Metropolitan Police: The case in defence of Deon

Principal author: Ila De Mello Kamath, Abbott Mead Vickers BBDO
Contributing author: Craig Mawdsley and Amy Witter, Abbott Mead Vickers BBDO

A new model for public policy communications

Our opening statement

The Metropolitan Police Service's 'Who killed Deon?' campaign was designed to help tackle youth violence by educating disenfranchised teenagers about a complicated legal principle known as Joint Enterprise. We needed to communicate a highly sensitive and complex message to an extremely niche audience, on a modest budget. To this end we hope to show that it was a success.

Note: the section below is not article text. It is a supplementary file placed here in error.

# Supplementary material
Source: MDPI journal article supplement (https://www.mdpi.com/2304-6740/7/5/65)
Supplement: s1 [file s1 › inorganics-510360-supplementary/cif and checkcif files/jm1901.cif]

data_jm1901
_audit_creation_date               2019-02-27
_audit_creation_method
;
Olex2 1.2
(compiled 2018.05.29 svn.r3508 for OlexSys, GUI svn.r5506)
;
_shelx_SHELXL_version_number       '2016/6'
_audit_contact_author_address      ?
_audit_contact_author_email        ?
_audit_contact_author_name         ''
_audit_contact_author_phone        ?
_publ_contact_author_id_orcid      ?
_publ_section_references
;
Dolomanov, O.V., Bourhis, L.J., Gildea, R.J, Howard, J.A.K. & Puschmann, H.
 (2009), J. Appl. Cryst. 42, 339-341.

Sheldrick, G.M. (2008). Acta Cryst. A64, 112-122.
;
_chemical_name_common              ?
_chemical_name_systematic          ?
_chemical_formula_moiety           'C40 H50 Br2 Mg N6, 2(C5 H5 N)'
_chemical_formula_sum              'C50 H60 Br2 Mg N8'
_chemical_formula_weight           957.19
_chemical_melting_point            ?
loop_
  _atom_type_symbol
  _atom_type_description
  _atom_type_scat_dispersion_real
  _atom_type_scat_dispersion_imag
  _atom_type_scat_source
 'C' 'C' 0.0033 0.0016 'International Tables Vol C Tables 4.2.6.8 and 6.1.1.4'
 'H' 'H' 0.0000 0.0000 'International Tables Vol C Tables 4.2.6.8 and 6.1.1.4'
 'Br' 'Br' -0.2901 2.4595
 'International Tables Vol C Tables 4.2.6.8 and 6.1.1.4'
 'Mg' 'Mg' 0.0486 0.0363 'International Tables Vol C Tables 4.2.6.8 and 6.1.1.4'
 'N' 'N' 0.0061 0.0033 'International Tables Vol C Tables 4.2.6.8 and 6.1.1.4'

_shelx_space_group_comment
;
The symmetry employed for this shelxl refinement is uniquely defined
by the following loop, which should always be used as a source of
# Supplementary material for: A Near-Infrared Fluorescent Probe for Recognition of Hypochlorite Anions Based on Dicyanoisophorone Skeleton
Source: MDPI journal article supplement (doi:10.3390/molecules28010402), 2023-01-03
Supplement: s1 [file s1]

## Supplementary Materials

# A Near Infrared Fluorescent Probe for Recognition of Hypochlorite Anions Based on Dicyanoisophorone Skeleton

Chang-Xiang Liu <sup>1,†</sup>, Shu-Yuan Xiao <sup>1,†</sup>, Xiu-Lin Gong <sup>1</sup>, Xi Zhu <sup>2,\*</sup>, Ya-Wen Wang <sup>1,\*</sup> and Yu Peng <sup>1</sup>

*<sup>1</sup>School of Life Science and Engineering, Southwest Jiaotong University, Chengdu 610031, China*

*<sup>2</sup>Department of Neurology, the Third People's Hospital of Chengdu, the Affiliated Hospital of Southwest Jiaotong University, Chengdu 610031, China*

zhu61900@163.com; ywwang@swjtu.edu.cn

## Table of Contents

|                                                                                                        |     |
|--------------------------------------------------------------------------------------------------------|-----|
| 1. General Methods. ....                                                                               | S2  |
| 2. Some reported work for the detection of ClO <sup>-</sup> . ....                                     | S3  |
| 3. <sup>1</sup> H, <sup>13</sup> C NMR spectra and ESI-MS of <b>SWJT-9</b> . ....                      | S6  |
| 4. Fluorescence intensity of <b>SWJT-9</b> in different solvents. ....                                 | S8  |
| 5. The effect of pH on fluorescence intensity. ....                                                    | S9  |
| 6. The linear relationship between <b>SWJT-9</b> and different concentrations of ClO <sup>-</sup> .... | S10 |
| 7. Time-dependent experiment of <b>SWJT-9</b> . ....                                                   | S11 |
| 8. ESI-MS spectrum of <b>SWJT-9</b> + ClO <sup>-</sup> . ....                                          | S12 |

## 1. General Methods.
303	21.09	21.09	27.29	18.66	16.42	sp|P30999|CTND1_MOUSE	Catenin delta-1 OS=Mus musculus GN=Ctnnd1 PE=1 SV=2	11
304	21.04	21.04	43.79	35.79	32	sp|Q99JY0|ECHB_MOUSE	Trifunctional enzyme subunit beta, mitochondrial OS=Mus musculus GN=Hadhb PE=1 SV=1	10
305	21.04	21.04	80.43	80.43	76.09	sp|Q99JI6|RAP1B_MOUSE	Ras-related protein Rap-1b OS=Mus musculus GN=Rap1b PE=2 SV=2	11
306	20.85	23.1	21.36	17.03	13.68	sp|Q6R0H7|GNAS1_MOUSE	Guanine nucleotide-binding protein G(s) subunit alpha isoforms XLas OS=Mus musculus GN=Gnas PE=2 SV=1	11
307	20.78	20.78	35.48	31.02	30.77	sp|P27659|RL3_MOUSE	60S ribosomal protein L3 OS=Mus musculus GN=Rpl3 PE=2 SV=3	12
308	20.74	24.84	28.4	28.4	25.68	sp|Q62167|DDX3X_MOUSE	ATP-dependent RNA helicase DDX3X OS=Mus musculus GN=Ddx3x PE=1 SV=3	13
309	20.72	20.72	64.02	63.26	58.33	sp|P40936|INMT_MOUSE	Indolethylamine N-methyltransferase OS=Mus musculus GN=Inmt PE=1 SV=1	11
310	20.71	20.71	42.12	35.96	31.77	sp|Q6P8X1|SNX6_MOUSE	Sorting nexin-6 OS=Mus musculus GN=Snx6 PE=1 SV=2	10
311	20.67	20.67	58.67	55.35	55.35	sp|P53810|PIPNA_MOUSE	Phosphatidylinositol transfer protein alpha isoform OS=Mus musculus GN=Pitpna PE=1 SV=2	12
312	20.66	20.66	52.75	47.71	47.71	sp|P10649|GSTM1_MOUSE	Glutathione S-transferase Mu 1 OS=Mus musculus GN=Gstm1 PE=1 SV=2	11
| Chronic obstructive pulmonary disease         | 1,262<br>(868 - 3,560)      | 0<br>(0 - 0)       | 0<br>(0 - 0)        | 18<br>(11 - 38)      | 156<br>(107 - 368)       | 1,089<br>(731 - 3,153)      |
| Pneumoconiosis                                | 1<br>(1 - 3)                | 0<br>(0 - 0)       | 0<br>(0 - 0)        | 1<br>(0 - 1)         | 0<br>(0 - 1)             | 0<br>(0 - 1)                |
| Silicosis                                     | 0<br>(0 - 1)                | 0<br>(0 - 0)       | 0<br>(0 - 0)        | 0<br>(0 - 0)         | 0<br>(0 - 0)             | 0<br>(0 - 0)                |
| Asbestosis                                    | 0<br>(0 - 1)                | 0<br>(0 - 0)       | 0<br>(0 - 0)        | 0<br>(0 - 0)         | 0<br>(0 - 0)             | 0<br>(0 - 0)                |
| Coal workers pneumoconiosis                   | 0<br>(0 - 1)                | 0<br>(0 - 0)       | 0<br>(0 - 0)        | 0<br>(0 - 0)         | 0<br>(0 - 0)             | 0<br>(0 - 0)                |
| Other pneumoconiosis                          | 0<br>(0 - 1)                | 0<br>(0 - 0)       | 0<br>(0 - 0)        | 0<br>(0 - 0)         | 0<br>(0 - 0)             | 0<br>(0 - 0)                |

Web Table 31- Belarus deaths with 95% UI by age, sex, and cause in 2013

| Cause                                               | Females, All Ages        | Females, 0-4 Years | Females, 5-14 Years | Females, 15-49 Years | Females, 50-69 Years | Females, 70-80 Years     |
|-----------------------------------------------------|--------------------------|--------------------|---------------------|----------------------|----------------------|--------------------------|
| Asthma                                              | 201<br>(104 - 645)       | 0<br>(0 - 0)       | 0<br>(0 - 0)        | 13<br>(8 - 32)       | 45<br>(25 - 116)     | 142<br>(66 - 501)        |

However, there is also a longer term effect intended by educating young people about Joint Enterprise. Commander Simon Foy, head of the MPS Homicide and Serious Crime Command, said: "The hope is that once young people appreciate the way the law operates, they will think twice about their involvement with groups and gangs and walk away before any trouble starts."1 Tackling complex social issues often requires pre-empting behavior and stopping something before it even starts, which makes the precise scale of the effect difficult to quantify; a fact that meant this paper nearly didn't get written. And yet communications can play a vital role in helping do just this, even on modest budgets. We therefore felt it was important to try and find a way to prove the future-facing effect of this campaign, not just because it is a long-term intention of the campaign but because if we do, we can show that communications can be a vital and effective tool in preventing violent crime, a problem that affects society and us all, financially and emotionally.